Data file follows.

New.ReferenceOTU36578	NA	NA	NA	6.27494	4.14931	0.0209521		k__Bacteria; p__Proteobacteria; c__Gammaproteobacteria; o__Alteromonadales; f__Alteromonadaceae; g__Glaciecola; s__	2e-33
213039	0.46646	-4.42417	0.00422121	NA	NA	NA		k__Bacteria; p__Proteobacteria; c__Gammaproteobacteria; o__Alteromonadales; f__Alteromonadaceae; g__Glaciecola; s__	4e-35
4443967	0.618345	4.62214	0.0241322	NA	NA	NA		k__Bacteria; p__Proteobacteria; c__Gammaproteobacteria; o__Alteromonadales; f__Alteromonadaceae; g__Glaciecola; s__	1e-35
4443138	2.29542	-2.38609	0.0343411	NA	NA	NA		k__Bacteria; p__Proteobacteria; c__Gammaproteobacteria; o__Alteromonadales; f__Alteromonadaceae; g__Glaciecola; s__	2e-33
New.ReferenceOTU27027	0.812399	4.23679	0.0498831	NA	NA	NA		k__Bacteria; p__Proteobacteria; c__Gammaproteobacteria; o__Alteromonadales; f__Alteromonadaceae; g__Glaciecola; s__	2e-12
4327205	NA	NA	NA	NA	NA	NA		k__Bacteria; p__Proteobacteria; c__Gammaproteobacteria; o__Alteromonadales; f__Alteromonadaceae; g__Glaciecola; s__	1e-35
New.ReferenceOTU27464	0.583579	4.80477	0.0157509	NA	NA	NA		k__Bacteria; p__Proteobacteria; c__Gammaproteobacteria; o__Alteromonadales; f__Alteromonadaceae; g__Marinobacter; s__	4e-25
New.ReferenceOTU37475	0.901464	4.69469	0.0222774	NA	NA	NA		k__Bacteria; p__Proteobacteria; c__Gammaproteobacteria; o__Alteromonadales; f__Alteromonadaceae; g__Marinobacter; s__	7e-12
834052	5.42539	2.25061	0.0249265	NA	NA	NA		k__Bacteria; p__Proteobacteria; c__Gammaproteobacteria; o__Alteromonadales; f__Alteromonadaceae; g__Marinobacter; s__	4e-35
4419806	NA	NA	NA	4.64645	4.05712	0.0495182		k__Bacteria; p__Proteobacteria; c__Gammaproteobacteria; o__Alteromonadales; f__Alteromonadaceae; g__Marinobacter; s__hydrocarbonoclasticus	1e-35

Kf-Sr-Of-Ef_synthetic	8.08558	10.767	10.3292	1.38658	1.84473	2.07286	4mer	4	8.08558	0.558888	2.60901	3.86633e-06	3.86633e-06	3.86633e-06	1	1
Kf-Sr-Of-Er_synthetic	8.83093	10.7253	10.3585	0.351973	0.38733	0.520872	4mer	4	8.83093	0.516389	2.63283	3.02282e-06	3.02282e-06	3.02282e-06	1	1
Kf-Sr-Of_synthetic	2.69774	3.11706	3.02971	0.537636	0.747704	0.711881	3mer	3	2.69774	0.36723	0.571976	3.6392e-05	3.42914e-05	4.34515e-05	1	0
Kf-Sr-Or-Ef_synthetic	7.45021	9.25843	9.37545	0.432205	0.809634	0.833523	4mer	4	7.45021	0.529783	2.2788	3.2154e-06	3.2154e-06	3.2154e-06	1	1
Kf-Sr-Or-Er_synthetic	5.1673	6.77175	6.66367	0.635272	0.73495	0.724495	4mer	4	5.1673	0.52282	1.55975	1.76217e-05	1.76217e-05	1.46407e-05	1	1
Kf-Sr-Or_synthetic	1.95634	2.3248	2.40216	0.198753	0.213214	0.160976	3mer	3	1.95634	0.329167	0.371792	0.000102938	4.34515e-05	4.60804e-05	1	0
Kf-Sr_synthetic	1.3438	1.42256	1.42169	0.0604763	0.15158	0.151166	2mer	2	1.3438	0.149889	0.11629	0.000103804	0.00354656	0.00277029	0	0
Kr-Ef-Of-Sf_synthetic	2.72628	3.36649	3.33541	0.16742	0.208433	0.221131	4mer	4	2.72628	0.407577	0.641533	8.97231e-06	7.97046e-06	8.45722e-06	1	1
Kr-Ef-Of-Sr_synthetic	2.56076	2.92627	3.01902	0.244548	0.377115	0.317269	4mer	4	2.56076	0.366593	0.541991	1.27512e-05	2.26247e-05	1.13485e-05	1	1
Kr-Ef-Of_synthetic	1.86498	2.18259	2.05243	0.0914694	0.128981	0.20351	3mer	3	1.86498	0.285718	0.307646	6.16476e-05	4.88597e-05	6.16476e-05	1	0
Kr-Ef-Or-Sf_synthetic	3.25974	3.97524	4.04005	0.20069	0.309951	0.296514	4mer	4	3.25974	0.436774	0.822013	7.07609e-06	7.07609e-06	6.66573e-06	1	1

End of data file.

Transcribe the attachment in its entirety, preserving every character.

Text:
New.ReferenceOTU36578	NA	NA	NA	6.27494	4.14931	0.0209521		k__Bacteria; p__Proteobacteria; c__Gammaproteobacteria; o__Alteromonadales; f__Alteromonadaceae; g__Glaciecola; s__	2e-33
213039	0.46646	-4.42417	0.00422121	NA	NA	NA		k__Bacteria; p__Proteobacteria; c__Gammaproteobacteria; o__Alteromonadales; f__Alteromonadaceae; g__Glaciecola; s__	4e-35
4443967	0.618345	4.62214	0.0241322	NA	NA	NA		k__Bacteria; p__Proteobacteria; c__Gammaproteobacteria; o__Alteromonadales; f__Alteromonadaceae; g__Glaciecola; s__	1e-35
4443138	2.29542	-2.38609	0.0343411	NA	NA	NA		k__Bacteria; p__Proteobacteria; c__Gammaproteobacteria; o__Alteromonadales; f__Alteromonadaceae; g__Glaciecola; s__	2e-33
New.ReferenceOTU27027	0.812399	4.23679	0.0498831	NA	NA	NA		k__Bacteria; p__Proteobacteria; c__Gammaproteobacteria; o__Alteromonadales; f__Alteromonadaceae; g__Glaciecola; s__	2e-12
4327205	NA	NA	NA	NA	NA	NA		k__Bacteria; p__Proteobacteria; c__Gammaproteobacteria; o__Alteromonadales; f__Alteromonadaceae; g__Glaciecola; s__	1e-35
New.ReferenceOTU27464	0.583579	4.80477	0.0157509	NA	NA	NA		k__Bacteria; p__Proteobacteria; c__Gammaproteobacteria; o__Alteromonadales; f__Alteromonadaceae; g__Marinobacter; s__	4e-25
New.ReferenceOTU37475	0.901464	4.69469	0.0222774	NA	NA	NA		k__Bacteria; p__Proteobacteria; c__Gammaproteobacteria; o__Alteromonadales; f__Alteromonadaceae; g__Marinobacter; s__	7e-12
834052	5.42539	2.25061	0.0249265	NA	NA	NA		k__Bacteria; p__Proteobacteria; c__Gammaproteobacteria; o__Alteromonadales; f__Alteromonadaceae; g__Marinobacter; s__	4e-35
4419806	NA	NA	NA	4.64645	4.05712	0.0495182		k__Bacteria; p__Proteobacteria; c__Gammaproteobacteria; o__Alteromonadales; f__Alteromonadaceae; g__Marinobacter; s__hydrocarbonoclasticus	1e-35

Kf-Sr-Of-Ef_synthetic	8.08558	10.767	10.3292	1.38658	1.84473	2.07286	4mer	4	8.08558	0.558888	2.60901	3.86633e-06	3.86633e-06	3.86633e-06	1	1
Kf-Sr-Of-Er_synthetic	8.83093	10.7253	10.3585	0.351973	0.38733	0.520872	4mer	4	8.83093	0.516389	2.63283	3.02282e-06	3.02282e-06	3.02282e-06	1	1
Kf-Sr-Of_synthetic	2.69774	3.11706	3.02971	0.537636	0.747704	0.711881	3mer	3	2.69774	0.36723	0.571976	3.6392e-05	3.42914e-05	4.34515e-05	1	0
Kf-Sr-Or-Ef_synthetic	7.45021	9.25843	9.37545	0.432205	0.809634	0.833523	4mer	4	7.45021	0.529783	2.2788	3.2154e-06	3.2154e-06	3.2154e-06	1	1
Kf-Sr-Or-Er_synthetic	5.1673	6.77175	6.66367	0.635272	0.73495	0.724495	4mer	4	5.1673	0.52282	1.55975	1.76217e-05	1.76217e-05	1.46407e-05	1	1
Kf-Sr-Or_synthetic	1.95634	2.3248	2.40216	0.198753	0.213214	0.160976	3mer	3	1.95634	0.329167	0.371792	0.000102938	4.34515e-05	4.60804e-05	1	0
Kf-Sr_synthetic	1.3438	1.42256	1.42169	0.0604763	0.15158	0.151166	2mer	2	1.3438	0.149889	0.11629	0.000103804	0.00354656	0.00277029	0	0
Kr-Ef-Of-Sf_synthetic	2.72628	3.36649	3.33541	0.16742	0.208433	0.221131	4mer	4	2.72628	0.407577	0.641533	8.97231e-06	7.97046e-06	8.45722e-06	1	1
Kr-Ef-Of-Sr_synthetic	2.56076	2.92627	3.01902	0.244548	0.377115	0.317269	4mer	4	2.56076	0.366593	0.541991	1.27512e-05	2.26247e-05	1.13485e-05	1	1
Kr-Ef-Of_synthetic	1.86498	2.18259	2.05243	0.0914694	0.128981	0.20351	3mer	3	1.86498	0.285718	0.307646	6.16476e-05	4.88597e-05	6.16476e-05	1	0
Kr-Ef-Or-Sf_synthetic	3.25974	3.97524	4.04005	0.20069	0.309951	0.296514	4mer	4	3.25974	0.436774	0.822013	7.07609e-06	7.07609e-06	6.66573e-06	1	1